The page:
In October 2009, artist and illustrator Jake Parker began Inktober, a yearly challenge to draw each day in October to practice and develop drawing skills and habits. For the last four years I have joined in on this process, attempting to hone different abilities and push myself creatively.
Though we draw often at work, Inktober is a chance to branch out and try different styles, render methods, and mindsets while being in a low-stakes environment – something we don’t often get at work. The list of prompts for Inktober, being odd words like “poisonous,” “scorched,” and “swollen”, force artists out of their comfort zone and into a more explorative creative space.
At DesignThink, we have the benefit of being in a highly cross-collaborative workspace, which is especially apparent in our brainstorm sessions. In conversations with coworkers from other disciplines, they expressed that, while in brainstorms, it can be difficult to get one’s ideas across quickly and effectively. Enter our cross-functional Inktober. This was a way for all of us to branch out, to draw in a no pressure environment and be able to collaborate on a simpler level. It’s also just nice to get together as a company over lunch to decompress and build camaraderie while drawing – even if it’s melty cheese slices.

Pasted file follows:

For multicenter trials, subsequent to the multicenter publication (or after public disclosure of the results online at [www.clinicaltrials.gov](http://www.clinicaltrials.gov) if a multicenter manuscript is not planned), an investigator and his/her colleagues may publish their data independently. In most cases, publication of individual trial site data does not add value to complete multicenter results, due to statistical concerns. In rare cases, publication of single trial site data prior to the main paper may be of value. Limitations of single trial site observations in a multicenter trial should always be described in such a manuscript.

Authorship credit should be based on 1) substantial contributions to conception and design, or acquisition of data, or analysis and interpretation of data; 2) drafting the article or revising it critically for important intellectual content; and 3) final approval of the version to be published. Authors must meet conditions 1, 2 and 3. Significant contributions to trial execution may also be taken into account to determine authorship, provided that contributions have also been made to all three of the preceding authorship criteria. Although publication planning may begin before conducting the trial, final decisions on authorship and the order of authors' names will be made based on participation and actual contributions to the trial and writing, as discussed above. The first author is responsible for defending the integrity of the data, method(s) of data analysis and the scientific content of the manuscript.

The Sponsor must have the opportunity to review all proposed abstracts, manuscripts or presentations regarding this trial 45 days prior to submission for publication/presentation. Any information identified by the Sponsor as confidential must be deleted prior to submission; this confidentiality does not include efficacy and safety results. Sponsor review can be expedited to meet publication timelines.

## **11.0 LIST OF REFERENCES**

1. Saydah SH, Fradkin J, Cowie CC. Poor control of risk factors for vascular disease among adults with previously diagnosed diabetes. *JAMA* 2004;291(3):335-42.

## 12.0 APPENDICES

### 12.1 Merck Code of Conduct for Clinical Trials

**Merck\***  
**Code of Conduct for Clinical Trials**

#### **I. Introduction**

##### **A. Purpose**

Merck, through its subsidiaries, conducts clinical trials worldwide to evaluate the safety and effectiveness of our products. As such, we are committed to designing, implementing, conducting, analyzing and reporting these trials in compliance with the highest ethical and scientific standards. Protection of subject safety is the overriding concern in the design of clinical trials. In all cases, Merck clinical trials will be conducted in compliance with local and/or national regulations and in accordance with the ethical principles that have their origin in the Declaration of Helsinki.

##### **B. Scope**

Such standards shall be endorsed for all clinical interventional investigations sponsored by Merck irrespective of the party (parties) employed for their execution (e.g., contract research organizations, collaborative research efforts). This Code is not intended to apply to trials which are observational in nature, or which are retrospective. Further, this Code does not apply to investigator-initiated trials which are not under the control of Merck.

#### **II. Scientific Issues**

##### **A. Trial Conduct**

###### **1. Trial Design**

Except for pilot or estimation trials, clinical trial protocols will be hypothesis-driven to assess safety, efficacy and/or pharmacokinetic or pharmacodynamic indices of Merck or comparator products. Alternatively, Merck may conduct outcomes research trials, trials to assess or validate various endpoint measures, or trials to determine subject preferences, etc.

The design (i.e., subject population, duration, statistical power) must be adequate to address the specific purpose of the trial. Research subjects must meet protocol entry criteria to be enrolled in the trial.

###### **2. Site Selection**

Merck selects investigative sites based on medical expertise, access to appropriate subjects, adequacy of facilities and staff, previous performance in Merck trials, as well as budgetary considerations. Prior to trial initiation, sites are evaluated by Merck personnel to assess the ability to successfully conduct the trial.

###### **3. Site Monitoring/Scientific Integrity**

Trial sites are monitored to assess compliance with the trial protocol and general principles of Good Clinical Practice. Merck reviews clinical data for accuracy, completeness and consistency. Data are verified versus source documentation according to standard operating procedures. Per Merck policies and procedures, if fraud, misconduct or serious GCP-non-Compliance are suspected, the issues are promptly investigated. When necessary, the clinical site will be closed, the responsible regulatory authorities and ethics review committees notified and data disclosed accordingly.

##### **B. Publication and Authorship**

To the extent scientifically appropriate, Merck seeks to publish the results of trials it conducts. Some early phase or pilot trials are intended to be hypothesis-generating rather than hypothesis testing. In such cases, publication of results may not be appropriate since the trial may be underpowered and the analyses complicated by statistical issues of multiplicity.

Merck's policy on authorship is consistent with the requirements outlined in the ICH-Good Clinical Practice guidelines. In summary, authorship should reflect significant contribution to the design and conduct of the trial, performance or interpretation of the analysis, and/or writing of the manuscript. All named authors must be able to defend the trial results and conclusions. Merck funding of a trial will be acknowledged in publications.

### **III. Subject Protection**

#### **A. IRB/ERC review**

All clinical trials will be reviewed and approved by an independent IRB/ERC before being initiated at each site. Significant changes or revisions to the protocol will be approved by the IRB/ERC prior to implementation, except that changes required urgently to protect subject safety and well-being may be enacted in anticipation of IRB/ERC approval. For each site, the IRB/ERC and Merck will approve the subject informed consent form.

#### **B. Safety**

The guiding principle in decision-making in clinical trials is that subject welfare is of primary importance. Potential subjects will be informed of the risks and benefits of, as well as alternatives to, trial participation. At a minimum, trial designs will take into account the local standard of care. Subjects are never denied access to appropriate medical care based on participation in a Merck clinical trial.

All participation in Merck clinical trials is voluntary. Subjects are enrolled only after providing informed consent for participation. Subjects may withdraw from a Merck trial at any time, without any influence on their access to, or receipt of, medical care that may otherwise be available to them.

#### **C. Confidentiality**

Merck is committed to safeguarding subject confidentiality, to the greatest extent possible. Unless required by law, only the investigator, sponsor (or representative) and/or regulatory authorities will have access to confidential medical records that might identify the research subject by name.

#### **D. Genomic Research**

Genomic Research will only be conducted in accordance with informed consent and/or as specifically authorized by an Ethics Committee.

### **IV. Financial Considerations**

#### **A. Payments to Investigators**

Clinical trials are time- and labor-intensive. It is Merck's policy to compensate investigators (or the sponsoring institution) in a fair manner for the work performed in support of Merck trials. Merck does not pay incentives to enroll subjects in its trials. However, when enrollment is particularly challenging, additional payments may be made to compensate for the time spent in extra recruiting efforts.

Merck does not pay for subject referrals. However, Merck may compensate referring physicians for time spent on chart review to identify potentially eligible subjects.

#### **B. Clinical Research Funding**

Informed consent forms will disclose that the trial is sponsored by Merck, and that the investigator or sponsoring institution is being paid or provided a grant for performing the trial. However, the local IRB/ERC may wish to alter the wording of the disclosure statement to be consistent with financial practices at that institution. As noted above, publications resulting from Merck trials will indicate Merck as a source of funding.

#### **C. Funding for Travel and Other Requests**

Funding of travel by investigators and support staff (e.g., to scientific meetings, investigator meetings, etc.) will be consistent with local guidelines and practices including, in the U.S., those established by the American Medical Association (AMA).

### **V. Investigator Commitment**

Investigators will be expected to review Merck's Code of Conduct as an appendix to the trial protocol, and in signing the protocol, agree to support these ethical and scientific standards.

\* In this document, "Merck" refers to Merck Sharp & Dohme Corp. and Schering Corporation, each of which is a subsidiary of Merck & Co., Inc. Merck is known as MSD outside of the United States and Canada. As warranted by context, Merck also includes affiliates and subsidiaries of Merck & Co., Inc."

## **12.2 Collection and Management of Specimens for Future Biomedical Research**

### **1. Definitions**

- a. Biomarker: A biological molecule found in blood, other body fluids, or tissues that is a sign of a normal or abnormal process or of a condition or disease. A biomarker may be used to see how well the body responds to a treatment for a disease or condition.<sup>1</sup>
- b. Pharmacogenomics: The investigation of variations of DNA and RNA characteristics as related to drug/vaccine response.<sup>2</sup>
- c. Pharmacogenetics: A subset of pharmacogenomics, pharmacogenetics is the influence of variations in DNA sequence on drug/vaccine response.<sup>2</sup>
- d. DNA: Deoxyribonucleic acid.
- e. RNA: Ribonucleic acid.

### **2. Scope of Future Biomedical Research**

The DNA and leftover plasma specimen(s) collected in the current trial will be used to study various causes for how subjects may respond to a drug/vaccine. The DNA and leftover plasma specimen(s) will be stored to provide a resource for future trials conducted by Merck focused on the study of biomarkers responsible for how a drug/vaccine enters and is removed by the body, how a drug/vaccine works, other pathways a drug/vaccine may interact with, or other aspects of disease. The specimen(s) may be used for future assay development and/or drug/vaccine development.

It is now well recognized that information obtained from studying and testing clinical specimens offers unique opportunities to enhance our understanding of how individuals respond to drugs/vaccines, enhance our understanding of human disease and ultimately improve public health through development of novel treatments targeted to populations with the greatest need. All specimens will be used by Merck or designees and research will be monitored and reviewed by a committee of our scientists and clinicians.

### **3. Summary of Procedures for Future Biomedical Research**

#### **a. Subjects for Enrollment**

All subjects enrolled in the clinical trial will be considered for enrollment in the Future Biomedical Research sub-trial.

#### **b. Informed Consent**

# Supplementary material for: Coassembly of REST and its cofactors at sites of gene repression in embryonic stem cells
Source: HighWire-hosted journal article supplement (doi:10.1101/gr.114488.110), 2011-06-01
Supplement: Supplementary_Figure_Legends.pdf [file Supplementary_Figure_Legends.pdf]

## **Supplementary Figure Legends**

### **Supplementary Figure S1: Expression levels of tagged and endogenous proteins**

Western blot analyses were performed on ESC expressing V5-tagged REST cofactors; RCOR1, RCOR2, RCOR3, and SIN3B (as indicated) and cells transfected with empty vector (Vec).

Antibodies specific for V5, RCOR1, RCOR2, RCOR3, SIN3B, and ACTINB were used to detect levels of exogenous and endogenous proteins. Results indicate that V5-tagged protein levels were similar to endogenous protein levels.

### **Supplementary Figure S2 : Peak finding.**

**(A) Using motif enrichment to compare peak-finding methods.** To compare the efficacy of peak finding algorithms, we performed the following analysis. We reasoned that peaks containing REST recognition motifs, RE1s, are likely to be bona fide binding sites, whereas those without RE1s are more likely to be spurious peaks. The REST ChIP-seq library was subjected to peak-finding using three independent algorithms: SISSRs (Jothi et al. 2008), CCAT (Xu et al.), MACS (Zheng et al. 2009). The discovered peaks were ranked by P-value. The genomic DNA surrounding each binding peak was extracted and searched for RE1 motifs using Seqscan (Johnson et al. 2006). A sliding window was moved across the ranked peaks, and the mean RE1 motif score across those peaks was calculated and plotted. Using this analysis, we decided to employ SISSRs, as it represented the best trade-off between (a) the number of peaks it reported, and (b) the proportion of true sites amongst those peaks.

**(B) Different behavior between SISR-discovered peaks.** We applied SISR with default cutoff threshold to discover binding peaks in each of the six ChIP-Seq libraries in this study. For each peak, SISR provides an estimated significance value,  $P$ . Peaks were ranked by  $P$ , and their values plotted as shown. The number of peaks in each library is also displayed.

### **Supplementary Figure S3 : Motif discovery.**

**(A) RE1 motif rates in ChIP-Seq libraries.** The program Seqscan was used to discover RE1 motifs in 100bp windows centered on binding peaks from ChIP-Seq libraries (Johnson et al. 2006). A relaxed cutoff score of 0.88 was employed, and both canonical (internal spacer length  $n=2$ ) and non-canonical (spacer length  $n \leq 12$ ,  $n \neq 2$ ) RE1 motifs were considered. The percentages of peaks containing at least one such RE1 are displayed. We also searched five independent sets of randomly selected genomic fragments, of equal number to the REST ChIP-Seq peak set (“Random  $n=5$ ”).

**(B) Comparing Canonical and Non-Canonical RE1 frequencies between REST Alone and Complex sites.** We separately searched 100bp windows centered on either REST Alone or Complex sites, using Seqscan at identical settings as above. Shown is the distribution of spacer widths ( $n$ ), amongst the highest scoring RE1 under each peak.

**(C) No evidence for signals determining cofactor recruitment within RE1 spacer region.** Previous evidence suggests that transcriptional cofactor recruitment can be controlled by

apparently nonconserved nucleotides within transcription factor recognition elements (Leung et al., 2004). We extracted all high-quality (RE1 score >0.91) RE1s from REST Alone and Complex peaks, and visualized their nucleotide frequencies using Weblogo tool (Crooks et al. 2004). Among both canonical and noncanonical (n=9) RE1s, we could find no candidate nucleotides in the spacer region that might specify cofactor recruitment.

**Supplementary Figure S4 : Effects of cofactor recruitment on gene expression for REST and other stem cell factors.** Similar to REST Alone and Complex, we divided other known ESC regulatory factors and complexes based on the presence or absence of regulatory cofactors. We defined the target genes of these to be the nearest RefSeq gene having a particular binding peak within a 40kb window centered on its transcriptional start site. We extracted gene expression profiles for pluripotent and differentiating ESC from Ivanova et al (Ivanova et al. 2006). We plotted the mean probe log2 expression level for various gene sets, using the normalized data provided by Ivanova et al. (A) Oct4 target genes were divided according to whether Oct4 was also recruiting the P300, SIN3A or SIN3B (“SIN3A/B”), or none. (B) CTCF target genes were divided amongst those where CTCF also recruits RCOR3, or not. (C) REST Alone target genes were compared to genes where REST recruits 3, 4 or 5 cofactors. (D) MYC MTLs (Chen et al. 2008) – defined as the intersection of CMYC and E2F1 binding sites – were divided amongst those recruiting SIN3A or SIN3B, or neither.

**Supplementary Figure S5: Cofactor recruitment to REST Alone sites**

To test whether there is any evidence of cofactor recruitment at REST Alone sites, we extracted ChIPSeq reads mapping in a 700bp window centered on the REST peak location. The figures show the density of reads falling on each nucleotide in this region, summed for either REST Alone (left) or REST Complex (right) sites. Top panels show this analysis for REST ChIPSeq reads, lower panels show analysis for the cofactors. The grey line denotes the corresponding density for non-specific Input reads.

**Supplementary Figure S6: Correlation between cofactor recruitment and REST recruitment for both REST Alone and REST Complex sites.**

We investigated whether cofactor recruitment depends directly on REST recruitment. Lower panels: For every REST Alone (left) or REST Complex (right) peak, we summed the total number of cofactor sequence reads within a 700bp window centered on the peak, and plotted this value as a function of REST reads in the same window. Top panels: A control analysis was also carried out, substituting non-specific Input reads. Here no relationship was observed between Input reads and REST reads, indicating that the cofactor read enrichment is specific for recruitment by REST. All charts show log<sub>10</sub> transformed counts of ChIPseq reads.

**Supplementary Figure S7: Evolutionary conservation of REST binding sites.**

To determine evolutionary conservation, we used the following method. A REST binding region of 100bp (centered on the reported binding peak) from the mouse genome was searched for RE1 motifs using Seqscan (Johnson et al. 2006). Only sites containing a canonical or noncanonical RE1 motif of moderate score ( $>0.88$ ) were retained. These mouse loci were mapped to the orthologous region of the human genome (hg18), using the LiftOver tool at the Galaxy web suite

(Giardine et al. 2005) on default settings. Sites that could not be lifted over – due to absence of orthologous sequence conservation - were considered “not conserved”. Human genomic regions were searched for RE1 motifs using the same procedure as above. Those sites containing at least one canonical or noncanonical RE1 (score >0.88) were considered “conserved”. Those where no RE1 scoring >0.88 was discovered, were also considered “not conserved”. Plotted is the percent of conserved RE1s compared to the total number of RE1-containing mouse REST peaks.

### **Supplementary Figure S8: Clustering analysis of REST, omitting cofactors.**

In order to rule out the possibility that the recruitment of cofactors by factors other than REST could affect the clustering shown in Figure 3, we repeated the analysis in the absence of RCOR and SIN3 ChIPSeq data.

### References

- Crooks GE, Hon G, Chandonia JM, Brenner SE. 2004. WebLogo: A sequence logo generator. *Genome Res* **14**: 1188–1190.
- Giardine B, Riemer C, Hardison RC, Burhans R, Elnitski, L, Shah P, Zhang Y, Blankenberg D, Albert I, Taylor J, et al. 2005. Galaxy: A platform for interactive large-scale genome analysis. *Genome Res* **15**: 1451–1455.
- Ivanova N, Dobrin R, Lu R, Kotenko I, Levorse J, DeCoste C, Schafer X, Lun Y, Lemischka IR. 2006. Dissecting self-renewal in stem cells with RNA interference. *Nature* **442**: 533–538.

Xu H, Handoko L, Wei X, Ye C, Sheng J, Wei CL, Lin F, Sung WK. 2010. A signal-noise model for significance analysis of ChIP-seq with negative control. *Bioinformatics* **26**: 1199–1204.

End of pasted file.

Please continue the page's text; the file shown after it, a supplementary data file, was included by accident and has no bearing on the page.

As someone who largely started drawing in college, it was interesting to see my own hang-ups with creativity being reflected in my coworkers, some afraid of “not doing it right” and perfectionism running rampant. The ability to encourage others to feel comfortable with making mistakes, and not creating a masterpiece in one sitting, was a nice reminder to myself to do the same. Ultimately, that comfort and ease can build confidence and, while in this setting especially, an understanding among coworkers who may not be in more “creative” fields.
Below are a few of our final Inktober sketches.